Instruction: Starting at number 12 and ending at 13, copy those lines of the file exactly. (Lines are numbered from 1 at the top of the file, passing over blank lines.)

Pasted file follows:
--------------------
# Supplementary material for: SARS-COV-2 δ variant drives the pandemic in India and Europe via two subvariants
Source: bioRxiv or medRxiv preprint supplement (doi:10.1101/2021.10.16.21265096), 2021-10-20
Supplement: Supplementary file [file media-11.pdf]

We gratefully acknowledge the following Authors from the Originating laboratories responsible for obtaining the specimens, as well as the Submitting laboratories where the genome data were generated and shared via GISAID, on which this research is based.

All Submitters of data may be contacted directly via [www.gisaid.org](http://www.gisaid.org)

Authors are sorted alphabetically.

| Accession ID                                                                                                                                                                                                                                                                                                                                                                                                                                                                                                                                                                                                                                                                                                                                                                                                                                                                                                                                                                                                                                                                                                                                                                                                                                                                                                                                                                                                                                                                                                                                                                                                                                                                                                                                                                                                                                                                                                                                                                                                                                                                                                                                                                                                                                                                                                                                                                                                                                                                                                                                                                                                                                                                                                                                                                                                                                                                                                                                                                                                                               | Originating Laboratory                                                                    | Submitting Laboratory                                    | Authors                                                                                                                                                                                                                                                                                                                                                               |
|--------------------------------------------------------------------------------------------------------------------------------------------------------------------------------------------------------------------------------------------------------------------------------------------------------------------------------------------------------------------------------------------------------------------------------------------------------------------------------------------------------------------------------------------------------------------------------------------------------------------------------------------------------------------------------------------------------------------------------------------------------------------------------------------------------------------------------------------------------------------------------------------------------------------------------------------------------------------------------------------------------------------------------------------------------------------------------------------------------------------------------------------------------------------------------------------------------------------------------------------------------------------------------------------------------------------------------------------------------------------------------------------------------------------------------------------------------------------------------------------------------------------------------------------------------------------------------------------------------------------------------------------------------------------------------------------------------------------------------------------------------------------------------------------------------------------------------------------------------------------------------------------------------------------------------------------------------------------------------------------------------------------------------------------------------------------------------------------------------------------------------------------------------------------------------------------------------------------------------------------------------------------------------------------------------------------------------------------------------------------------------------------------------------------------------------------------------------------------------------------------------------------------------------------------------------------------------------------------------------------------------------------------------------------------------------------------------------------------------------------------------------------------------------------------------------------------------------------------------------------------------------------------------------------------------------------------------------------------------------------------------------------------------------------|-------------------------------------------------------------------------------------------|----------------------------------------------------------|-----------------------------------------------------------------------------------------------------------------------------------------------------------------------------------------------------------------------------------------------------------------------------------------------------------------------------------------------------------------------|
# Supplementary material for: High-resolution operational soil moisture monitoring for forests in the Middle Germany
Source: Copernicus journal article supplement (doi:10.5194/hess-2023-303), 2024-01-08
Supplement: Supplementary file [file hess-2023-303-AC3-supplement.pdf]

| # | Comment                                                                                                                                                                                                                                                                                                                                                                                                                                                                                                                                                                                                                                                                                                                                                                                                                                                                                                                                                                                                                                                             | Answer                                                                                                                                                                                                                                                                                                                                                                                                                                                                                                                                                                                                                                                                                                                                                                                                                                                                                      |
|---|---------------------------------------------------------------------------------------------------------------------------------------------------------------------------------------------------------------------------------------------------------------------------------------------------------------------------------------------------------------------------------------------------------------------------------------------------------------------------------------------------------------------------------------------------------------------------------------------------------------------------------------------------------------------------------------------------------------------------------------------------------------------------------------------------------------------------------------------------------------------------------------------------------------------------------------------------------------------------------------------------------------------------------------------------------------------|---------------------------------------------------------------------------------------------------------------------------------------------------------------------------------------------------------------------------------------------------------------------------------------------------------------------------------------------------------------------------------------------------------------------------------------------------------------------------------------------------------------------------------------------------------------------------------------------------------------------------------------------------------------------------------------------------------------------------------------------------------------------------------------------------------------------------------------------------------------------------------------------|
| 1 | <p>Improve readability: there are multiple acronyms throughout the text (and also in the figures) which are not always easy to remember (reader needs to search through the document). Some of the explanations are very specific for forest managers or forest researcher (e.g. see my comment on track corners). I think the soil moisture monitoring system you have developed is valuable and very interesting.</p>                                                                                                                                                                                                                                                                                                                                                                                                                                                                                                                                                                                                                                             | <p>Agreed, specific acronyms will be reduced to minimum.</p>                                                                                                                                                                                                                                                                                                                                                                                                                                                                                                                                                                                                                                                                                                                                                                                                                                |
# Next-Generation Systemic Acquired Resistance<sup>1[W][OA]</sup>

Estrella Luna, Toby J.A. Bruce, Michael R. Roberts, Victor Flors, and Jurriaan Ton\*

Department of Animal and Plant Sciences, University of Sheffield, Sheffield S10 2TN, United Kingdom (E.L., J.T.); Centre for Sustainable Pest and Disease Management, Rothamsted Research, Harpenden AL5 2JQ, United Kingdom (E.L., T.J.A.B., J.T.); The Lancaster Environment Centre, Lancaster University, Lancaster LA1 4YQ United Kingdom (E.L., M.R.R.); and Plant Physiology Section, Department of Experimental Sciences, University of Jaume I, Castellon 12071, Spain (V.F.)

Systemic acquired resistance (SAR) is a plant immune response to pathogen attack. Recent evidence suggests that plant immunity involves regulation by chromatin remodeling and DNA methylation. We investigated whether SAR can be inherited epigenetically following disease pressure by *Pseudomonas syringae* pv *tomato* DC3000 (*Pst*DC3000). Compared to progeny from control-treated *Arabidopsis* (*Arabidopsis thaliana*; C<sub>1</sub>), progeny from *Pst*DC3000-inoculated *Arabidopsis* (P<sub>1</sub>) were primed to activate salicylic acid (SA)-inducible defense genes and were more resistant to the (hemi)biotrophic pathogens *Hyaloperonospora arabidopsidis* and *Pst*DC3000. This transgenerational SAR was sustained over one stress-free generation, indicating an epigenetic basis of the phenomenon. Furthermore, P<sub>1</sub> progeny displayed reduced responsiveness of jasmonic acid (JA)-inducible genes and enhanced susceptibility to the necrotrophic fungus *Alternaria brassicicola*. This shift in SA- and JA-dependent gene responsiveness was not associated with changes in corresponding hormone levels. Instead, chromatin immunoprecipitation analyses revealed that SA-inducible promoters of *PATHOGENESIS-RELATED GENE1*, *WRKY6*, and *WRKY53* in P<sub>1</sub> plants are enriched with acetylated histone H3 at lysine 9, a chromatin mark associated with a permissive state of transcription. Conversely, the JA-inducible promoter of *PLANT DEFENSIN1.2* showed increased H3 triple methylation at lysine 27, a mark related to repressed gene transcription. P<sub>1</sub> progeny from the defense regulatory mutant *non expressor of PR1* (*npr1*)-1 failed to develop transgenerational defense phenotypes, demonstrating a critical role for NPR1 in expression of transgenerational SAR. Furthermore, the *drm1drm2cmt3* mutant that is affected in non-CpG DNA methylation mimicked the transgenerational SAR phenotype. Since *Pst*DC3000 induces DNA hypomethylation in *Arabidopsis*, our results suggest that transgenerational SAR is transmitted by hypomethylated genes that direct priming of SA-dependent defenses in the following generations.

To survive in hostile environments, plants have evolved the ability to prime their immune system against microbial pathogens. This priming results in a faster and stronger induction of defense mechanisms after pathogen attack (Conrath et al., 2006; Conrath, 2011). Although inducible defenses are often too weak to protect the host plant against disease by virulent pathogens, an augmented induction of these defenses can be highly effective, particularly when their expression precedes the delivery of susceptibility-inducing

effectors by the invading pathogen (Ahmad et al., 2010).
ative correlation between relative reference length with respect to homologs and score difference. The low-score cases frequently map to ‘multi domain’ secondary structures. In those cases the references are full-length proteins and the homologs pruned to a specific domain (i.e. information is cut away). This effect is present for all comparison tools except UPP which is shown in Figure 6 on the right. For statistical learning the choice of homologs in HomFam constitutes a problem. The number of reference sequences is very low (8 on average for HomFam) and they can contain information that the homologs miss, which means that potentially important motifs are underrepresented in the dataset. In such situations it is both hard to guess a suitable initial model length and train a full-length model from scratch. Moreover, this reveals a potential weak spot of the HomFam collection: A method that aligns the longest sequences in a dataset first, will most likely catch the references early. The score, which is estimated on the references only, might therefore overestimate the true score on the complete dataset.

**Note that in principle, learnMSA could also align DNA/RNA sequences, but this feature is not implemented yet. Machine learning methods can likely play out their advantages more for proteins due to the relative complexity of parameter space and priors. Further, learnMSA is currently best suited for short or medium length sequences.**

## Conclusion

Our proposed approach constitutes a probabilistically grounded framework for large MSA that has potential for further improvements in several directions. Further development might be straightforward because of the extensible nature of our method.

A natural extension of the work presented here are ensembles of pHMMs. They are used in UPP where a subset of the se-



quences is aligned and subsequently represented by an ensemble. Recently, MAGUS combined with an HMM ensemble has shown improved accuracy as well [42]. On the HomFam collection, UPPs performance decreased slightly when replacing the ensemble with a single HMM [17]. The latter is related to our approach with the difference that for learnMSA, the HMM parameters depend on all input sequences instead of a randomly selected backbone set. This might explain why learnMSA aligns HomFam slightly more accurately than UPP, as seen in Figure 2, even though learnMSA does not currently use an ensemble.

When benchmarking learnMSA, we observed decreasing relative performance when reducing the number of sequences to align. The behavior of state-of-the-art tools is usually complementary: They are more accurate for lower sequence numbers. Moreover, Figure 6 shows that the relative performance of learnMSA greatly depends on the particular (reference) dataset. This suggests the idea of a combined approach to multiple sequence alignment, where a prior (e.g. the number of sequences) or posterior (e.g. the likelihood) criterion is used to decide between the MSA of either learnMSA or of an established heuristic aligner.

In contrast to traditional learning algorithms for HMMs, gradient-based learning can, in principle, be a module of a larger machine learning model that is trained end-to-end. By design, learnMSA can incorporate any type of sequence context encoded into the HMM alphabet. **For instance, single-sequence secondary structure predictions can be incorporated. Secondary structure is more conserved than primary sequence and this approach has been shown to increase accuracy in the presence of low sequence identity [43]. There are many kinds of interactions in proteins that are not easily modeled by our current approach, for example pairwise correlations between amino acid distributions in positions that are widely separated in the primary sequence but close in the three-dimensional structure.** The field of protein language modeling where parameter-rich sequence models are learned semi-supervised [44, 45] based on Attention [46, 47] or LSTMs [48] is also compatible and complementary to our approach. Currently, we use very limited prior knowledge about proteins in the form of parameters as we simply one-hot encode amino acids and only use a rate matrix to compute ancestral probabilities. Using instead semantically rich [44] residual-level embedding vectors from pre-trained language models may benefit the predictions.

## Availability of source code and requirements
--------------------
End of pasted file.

| # | Comment                                                                                                                                                                                                                                                                                                                                                                                                                                                                                                                                                                                                                                                                                                                                                                                                                                                                                                                                                                                                                                                             | Answer                                                                                                                                                                                                                                                                                                                                                                                                                                                                                                                                                                                                                                                                                                                                                                                                                                                                                      |
|---|---------------------------------------------------------------------------------------------------------------------------------------------------------------------------------------------------------------------------------------------------------------------------------------------------------------------------------------------------------------------------------------------------------------------------------------------------------------------------------------------------------------------------------------------------------------------------------------------------------------------------------------------------------------------------------------------------------------------------------------------------------------------------------------------------------------------------------------------------------------------------------------------------------------------------------------------------------------------------------------------------------------------------------------------------------------------|---------------------------------------------------------------------------------------------------------------------------------------------------------------------------------------------------------------------------------------------------------------------------------------------------------------------------------------------------------------------------------------------------------------------------------------------------------------------------------------------------------------------------------------------------------------------------------------------------------------------------------------------------------------------------------------------------------------------------------------------------------------------------------------------------------------------------------------------------------------------------------------------|